About The Author

Christopher Fowler lives and works in central London.

After writing several humour books, including How To Impersonate Famous People, he shifted into ‘Dark Urban’ writing. His first short story anthology City Jitters featured interlinked tales of urban malevolence. He has since had numerous further volumes of short stories published.

His story The Master Builder became a movie starring Tippi Hedren and Richard Dean Anderson. Many other short stories have been filmed as short films, and almost all of his novels are currently under option as features for a wide variety of actors and directors.

The film version of Left Hand Drive won Best British Short Film of 1993. Wageslaves won the 1998 BFS Best Short Story Of The Year. On Edge, was a theatrically released short starring Doug ‘Pinhead’ Bradley and Charley Boorman. Other stories have been published in Time Out, The Big Issue, the Independent On Sunday and the Mail On Sunday.

Christopher reviews for the Independent on Sunday, and produces articles for publications including The Third Alternative, Dazed & Confused, Pure and Big Magazine. Recent short stories have appeared in The Time Out Book Of London Short Stories 2, The New English Library Book Of Internet Stories, Dark Terrors 5 & 6, Best New Horror, London Noir, Neon Lit., A Book Of Two Halves, Vengeance Is, Love In Vein 2, Year’s Best Fantasy & Horror, Destination Unknown, 100 Fiendish Little Frightmares, The Time Out Book Of New York Stories and many others.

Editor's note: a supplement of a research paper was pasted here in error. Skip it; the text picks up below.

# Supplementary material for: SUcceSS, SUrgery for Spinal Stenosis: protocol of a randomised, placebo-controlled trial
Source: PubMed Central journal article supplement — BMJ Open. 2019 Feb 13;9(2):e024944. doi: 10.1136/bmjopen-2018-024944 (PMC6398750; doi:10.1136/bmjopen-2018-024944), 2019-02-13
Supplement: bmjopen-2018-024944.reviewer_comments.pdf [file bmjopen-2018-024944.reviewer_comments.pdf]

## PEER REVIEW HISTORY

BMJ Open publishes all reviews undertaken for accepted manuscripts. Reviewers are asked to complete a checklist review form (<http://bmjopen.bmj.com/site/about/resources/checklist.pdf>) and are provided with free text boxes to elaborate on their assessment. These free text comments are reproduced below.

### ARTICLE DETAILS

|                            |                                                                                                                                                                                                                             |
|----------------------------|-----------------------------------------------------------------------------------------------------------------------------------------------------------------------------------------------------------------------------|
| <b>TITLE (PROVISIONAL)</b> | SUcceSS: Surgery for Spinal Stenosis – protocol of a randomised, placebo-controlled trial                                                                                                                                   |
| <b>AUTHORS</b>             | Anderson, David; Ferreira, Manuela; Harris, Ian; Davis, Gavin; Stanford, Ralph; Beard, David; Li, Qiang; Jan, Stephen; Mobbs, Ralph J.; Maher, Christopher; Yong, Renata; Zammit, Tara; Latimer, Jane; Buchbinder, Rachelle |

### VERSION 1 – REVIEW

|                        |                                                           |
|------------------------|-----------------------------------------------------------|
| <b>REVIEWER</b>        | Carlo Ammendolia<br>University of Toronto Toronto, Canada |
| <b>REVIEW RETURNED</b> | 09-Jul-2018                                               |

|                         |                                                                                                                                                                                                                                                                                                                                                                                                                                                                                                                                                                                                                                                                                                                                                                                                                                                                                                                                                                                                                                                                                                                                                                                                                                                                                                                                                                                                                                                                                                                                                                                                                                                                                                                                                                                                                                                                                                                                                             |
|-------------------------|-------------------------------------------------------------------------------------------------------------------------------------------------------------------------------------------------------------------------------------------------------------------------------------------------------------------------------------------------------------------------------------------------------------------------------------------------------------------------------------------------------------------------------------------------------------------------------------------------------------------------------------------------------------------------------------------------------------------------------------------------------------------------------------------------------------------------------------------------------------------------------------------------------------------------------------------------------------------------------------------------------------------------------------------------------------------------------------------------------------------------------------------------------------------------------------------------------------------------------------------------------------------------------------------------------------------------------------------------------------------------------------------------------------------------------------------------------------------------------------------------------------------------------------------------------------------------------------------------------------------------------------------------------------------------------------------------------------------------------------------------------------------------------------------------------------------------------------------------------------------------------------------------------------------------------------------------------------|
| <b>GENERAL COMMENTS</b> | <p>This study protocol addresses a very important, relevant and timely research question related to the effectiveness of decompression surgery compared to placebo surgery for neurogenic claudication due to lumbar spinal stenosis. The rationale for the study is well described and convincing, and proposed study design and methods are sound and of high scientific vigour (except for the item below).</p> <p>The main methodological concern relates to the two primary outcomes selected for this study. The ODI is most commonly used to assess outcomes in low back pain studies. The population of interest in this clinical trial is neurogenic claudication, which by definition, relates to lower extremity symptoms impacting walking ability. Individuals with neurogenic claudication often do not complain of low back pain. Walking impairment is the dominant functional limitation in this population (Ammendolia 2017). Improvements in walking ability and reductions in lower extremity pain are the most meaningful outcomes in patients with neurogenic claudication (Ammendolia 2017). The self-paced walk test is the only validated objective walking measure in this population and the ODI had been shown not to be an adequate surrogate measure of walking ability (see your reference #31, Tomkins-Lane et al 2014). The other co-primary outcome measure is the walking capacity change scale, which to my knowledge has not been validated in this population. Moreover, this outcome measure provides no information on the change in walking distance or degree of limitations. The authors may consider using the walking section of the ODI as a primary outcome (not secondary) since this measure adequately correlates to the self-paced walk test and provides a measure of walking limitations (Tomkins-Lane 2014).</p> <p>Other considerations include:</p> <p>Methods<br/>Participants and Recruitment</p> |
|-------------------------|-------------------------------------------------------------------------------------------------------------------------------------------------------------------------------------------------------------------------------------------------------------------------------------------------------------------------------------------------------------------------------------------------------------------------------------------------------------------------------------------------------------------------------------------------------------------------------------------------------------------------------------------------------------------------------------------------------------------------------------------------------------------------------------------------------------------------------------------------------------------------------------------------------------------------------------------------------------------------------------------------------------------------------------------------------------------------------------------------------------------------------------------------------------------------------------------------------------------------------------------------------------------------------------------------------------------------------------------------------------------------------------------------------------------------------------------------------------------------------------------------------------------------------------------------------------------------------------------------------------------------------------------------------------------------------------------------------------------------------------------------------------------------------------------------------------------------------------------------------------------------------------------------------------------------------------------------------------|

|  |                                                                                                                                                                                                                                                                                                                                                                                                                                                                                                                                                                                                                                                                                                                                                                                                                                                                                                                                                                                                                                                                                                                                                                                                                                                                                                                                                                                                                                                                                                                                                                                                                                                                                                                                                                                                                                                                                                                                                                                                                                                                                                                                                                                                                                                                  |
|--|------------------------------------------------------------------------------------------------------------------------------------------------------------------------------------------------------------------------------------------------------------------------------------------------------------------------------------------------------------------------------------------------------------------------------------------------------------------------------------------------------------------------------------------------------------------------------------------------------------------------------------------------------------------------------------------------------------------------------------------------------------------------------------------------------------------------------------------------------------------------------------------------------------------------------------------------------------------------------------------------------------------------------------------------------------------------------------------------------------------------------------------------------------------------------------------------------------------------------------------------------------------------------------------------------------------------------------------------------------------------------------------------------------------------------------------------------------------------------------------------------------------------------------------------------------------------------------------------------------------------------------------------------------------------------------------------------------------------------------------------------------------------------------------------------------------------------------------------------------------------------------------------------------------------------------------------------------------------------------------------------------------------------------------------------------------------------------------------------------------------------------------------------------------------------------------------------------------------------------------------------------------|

Welcome to the bad world of big business. Companies are like icebergs, mostly hidden from view. Or they’re like hives, where everyone is given a specific job and a limited amount of knowledge. Almost any analogy works, because commerce is amorphous and elusive. If the events of this story have already happened, you won’t be told about them. You’ll be suspicious from the outset, of course. You know how these things tend to shape up. The evil bosses, the downtrodden workers, yadda, yadda.

But this particular company started life as a place that would benefit everyone. It was all planned out by a decent man, albeit a man with little understanding of people and how they work.

It began as an architectural model, a tower of smooth, white-painted balsa and plastic, surrounded by neat round trees. At its base strolled tiny plastic couples. The nearby river was a sheet of shiny blue perspex. The effect was one of space and light, a monument to human endeavour.

The reality is a glittering black jewel box, a saturnine, crystalline spear called the SymaxCorp building. As impersonal as only a modern building can be. The walkways around its rain-bleached base now resemble electronic circuitry, paths snaking between terminals, sparking trade into life. No couples stroll here by the scudding brown river. Workers come, do the job and get the hell out. How can you be comfortable in a building where the windows don’t open? Where the walls reflect back your own lonely image?

Did the designers and architects believe their own lies? Did they ever think, as they peered into the model, that this glass prison would offer freedom and happiness?

It is nearly midnight, and everyone has gone home now. Out of hours, the area has as much life as the surface of the moon.

The entire business district is built in a crescent around the bend in the river. It is less than five years old, but some of the trees have been planted fully grown to provide instant ambience. There are no homes or shops, or old men walking dogs. There is only the fierce crackle of commerce between the hours of nine